The APA defines a "contested case" as

a proceeding, including but not restricted to ratemaking, price fixing, and licensing, in which the legal rights, duties or privileges of a party are required by law to be determined by an agency after an opportunity for hearing.

S.C.Code Ann. § 1-23-310(2) (Supp.1997).

In Triska, our supreme court held that the state issuance of a 401 Water Quality Certification was not a "contested case" under the statutory law as it existed at that time. Triska v. Department of Health and Envtl. Control, 292 S.C. 190, 355 S.E.2d 531 (1987). A subsequently decided case modified the holding of Triska, affirming the finding that a 401 certification was not a "contested case." Stono River Envtl. Protection Ass'n v. South Carolina Dep't of Health and Envtl. Control, 305 S.C. 90, 406 S.E.2d 340 (1991). However, the court remanded the case noting that "all Administrative agencies are required to meet minimum standards of due process" and that "[u]nder the circumstances of this case, we conclude that the parties were entitled to notice and the opportunity to be heard." Id. at 93-94, 406 S.E.2d at 341.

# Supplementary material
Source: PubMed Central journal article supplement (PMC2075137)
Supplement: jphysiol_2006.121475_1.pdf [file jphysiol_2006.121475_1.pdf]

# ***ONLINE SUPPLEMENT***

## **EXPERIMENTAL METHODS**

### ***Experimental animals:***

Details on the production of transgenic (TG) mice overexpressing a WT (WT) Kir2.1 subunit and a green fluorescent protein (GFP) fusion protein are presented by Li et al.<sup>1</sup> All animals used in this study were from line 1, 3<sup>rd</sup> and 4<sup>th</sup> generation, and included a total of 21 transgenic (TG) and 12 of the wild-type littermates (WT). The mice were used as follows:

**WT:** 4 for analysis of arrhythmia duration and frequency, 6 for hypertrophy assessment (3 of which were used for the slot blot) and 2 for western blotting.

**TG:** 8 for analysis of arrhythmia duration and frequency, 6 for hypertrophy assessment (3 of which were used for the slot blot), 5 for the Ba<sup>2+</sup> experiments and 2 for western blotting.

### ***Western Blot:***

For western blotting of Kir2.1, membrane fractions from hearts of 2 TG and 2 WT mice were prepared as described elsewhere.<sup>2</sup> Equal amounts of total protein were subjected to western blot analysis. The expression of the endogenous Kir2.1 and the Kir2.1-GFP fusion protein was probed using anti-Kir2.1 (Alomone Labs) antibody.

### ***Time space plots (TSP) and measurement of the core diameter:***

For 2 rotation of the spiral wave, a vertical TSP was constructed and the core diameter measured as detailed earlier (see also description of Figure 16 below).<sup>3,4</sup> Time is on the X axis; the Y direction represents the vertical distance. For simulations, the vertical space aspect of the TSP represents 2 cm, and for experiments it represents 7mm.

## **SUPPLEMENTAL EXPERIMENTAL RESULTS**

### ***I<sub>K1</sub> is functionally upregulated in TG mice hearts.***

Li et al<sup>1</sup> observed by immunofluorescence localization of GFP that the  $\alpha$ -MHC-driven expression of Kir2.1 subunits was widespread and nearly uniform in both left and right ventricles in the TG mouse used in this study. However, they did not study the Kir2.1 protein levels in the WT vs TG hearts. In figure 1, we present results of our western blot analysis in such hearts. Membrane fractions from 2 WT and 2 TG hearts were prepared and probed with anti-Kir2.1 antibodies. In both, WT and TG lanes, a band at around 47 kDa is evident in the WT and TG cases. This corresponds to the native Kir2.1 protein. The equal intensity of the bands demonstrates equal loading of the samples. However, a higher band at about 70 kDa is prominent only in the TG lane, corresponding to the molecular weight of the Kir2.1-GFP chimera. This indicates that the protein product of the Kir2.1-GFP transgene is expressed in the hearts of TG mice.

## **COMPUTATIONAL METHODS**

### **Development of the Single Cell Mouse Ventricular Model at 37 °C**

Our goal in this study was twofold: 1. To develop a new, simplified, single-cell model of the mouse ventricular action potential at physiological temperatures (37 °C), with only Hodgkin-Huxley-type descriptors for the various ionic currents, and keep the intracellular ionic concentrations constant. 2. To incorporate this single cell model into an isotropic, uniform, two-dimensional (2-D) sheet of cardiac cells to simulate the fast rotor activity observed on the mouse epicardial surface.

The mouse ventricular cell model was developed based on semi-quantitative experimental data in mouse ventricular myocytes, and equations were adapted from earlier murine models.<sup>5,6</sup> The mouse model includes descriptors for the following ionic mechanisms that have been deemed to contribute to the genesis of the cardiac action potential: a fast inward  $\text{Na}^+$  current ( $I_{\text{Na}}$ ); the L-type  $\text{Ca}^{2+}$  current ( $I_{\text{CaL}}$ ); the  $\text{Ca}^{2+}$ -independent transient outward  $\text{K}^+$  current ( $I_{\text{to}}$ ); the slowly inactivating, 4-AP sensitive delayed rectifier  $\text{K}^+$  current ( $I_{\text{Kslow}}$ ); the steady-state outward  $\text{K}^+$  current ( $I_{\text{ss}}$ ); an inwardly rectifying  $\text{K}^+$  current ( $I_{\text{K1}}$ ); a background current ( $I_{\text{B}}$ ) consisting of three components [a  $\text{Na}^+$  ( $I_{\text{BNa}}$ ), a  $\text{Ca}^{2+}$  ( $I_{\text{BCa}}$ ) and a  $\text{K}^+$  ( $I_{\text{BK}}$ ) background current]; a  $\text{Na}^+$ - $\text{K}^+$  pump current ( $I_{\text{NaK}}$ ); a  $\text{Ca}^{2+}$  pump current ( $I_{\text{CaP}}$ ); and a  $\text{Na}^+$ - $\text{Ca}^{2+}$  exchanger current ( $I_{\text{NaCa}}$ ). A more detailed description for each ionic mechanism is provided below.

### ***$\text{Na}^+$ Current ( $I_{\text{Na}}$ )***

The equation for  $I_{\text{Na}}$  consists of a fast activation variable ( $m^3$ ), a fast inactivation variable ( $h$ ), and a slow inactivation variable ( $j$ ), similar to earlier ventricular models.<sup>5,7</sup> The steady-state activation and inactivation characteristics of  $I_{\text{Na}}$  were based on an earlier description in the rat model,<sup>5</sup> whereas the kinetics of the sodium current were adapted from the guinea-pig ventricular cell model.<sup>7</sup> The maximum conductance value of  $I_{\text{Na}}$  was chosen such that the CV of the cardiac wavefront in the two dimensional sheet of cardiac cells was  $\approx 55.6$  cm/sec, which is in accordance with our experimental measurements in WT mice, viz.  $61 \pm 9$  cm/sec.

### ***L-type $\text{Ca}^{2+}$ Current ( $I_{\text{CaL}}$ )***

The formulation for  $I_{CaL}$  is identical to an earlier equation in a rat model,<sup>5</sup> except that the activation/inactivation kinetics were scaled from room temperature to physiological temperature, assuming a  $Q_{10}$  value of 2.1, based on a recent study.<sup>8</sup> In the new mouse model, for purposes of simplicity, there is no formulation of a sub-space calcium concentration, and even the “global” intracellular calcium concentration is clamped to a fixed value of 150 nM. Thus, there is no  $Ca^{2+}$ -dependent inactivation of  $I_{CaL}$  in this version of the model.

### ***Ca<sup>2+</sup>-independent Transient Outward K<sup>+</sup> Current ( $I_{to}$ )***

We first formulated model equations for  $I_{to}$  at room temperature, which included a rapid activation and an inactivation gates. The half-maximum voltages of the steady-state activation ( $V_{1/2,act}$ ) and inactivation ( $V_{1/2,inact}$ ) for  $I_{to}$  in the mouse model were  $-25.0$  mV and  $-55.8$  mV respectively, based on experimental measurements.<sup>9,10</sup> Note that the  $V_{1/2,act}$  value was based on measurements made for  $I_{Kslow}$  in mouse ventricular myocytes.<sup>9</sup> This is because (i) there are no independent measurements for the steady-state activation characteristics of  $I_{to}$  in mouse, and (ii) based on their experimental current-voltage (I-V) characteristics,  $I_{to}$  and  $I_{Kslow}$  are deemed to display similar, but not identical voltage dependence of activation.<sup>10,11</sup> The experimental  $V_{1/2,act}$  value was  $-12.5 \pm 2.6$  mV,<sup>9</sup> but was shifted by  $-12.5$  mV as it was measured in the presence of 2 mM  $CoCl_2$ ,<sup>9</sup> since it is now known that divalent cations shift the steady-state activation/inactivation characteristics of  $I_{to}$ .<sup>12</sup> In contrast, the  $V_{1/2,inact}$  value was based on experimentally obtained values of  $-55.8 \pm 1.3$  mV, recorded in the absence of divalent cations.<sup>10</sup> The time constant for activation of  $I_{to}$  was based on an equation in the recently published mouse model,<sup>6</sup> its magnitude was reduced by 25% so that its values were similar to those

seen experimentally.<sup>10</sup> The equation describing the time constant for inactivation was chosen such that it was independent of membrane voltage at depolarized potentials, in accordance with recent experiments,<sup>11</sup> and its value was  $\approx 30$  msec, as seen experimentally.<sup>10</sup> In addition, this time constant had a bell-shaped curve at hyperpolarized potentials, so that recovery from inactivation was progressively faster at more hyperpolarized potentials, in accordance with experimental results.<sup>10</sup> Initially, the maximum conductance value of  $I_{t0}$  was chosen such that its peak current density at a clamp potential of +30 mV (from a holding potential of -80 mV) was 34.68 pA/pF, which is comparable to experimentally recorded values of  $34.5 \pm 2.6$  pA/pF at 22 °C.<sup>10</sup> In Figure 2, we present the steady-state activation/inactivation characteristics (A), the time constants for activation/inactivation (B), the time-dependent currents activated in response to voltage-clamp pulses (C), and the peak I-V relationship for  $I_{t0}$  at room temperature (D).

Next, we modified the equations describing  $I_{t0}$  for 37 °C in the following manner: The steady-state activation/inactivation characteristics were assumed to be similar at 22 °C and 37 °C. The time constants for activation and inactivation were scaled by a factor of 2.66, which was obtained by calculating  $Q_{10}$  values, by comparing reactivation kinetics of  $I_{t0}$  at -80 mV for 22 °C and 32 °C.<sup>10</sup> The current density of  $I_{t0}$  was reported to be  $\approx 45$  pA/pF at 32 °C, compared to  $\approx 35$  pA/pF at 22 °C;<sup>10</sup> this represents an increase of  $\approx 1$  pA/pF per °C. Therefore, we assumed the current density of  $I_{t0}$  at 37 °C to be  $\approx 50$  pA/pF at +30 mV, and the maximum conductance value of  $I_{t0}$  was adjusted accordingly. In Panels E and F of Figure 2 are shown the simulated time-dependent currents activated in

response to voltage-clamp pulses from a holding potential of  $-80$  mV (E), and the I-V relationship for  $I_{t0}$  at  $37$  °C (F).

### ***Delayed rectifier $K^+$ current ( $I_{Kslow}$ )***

The court did not discuss what effect, if any, the requirement that the agency confer an "opportunity to be heard" has on the issue of whether the certification was a "contested case." However, immediately after the cause of action accrued in Stono River, our General Assembly adopted regulations which mandate a hearing procedure in 401 certification cases and deem the hearing procedure a "contested case." 25A S.C.Code Ann. Regs. 61-101 (Supp.1997).

Most recently, in League of Women Voters v. Litchfield-bythe-Sea, 305 S.C. 424, 409 S.E.2d 378 (1991), our supreme court held that the South Carolina Coastal Council's certification under the Program of a state-issued permit was not a "contested case." However, relying on Stono River, the supreme court recognized the parties' right to notice and the opportunity to be heard prior to issuance of certification.